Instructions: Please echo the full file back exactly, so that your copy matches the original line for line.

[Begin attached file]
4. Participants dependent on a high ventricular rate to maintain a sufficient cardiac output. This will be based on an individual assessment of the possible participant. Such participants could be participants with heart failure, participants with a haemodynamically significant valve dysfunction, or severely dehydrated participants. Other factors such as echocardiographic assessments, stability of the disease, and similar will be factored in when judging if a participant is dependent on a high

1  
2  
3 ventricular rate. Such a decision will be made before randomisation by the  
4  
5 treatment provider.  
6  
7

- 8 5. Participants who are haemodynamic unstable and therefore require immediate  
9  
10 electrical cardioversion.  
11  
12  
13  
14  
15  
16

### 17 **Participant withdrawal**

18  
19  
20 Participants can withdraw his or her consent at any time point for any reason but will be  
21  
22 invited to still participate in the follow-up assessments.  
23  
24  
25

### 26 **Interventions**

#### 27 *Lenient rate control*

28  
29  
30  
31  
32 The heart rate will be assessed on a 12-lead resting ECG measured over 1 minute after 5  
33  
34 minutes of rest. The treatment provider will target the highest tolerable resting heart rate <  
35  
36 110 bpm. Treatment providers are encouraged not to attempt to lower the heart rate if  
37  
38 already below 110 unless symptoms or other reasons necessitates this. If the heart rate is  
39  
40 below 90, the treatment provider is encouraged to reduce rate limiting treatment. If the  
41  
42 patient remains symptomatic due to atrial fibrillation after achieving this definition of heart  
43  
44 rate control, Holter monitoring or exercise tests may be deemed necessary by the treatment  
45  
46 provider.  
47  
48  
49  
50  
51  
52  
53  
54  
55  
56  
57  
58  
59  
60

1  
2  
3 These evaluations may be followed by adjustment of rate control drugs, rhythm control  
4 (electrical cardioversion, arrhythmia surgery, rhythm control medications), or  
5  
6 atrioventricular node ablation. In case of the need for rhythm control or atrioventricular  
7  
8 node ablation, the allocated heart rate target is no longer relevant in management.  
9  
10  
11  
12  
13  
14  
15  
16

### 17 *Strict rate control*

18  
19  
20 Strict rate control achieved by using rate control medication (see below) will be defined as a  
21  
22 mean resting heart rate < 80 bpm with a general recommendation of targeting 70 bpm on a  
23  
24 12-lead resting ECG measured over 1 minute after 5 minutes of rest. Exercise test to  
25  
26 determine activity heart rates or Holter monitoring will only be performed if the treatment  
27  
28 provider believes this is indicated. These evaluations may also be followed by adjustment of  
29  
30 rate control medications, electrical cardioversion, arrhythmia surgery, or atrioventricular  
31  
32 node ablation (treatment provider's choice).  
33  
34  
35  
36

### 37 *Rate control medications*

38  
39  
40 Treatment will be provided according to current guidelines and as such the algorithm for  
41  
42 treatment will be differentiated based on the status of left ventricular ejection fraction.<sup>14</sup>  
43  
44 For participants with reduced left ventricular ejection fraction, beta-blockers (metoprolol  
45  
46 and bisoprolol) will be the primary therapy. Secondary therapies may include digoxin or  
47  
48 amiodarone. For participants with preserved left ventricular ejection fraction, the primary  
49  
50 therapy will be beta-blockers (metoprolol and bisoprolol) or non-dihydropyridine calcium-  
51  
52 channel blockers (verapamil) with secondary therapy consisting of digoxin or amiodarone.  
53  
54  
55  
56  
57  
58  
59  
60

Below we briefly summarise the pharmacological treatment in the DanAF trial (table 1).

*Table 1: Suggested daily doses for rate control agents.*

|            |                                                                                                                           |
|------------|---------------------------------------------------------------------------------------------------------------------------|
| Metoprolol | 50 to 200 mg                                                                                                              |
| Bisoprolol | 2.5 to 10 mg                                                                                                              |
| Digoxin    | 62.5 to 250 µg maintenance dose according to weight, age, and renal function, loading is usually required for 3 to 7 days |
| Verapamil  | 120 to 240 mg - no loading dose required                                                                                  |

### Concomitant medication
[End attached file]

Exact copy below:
4. Participants dependent on a high ventricular rate to maintain a sufficient cardiac output. This will be based on an individual assessment of the possible participant. Such participants could be participants with heart failure, participants with a haemodynamically significant valve dysfunction, or severely dehydrated participants. Other factors such as echocardiographic assessments, stability of the disease, and similar will be factored in when judging if a participant is dependent on a high

1  
2  
3 ventricular rate. Such a decision will be made before randomisation by the  
4  
5 treatment provider.  
6  
7

- 8 5. Participants who are haemodynamic unstable and therefore require immediate  
9  
10 electrical cardioversion.  
11  
12  
13  
14  
15  
16

### 17 **Participant withdrawal**

18  
19  
20 Participants can withdraw his or her consent at any time point for any reason but will be  
21  
22 invited to still participate in the follow-up assessments.  
23  
24  
25

### 26 **Interventions**

#### 27 *Lenient rate control*

28  
29  
30  
31  
32 The heart rate will be assessed on a 12-lead resting ECG measured over 1 minute after 5  
33  
34 minutes of rest. The treatment provider will target the highest tolerable resting heart rate <  
35  
36 110 bpm. Treatment providers are encouraged not to attempt to lower the heart rate if  
37  
38 already below 110 unless symptoms or other reasons necessitates this. If the heart rate is  
39  
40 below 90, the treatment provider is encouraged to reduce rate limiting treatment. If the  
41  
42 patient remains symptomatic due to atrial fibrillation after achieving this definition of heart  
43  
44 rate control, Holter monitoring or exercise tests may be deemed necessary by the treatment  
45  
46 provider.  
47  
48  
49  
50  
51  
52  
53  
54  
55  
56  
57  
58  
59  
60

1  
2  
3 These evaluations may be followed by adjustment of rate control drugs, rhythm control  
4 (electrical cardioversion, arrhythmia surgery, rhythm control medications), or  
5  
6 atrioventricular node ablation. In case of the need for rhythm control or atrioventricular  
7  
8 node ablation, the allocated heart rate target is no longer relevant in management.  
9  
10  
11  
12  
13  
14  
15  
16

### 17 *Strict rate control*

18  
19  
20 Strict rate control achieved by using rate control medication (see below) will be defined as a  
21  
22 mean resting heart rate < 80 bpm with a general recommendation of targeting 70 bpm on a  
23  
24 12-lead resting ECG measured over 1 minute after 5 minutes of rest. Exercise test to  
25  
26 determine activity heart rates or Holter monitoring will only be performed if the treatment  
27  
28 provider believes this is indicated. These evaluations may also be followed by adjustment of  
29  
30 rate control medications, electrical cardioversion, arrhythmia surgery, or atrioventricular  
31  
32 node ablation (treatment provider's choice).  
33  
34  
35  
36

### 37 *Rate control medications*

38  
39  
40 Treatment will be provided according to current guidelines and as such the algorithm for  
41  
42 treatment will be differentiated based on the status of left ventricular ejection fraction.<sup>14</sup>  
43  
44 For participants with reduced left ventricular ejection fraction, beta-blockers (metoprolol  
45  
46 and bisoprolol) will be the primary therapy. Secondary therapies may include digoxin or  
47  
48 amiodarone. For participants with preserved left ventricular ejection fraction, the primary  
49  
50 therapy will be beta-blockers (metoprolol and bisoprolol) or non-dihydropyridine calcium-  
51  
52 channel blockers (verapamil) with secondary therapy consisting of digoxin or amiodarone.  
53  
54  
55  
56  
57  
58  
59  
60

Below we briefly summarise the pharmacological treatment in the DanAF trial (table 1).

*Table 1: Suggested daily doses for rate control agents.*

|            |                                                                                                                           |
|------------|---------------------------------------------------------------------------------------------------------------------------|
| Metoprolol | 50 to 200 mg                                                                                                              |
| Bisoprolol | 2.5 to 10 mg                                                                                                              |
| Digoxin    | 62.5 to 250 µg maintenance dose according to weight, age, and renal function, loading is usually required for 3 to 7 days |
| Verapamil  | 120 to 240 mg - no loading dose required                                                                                  |

### Concomitant medication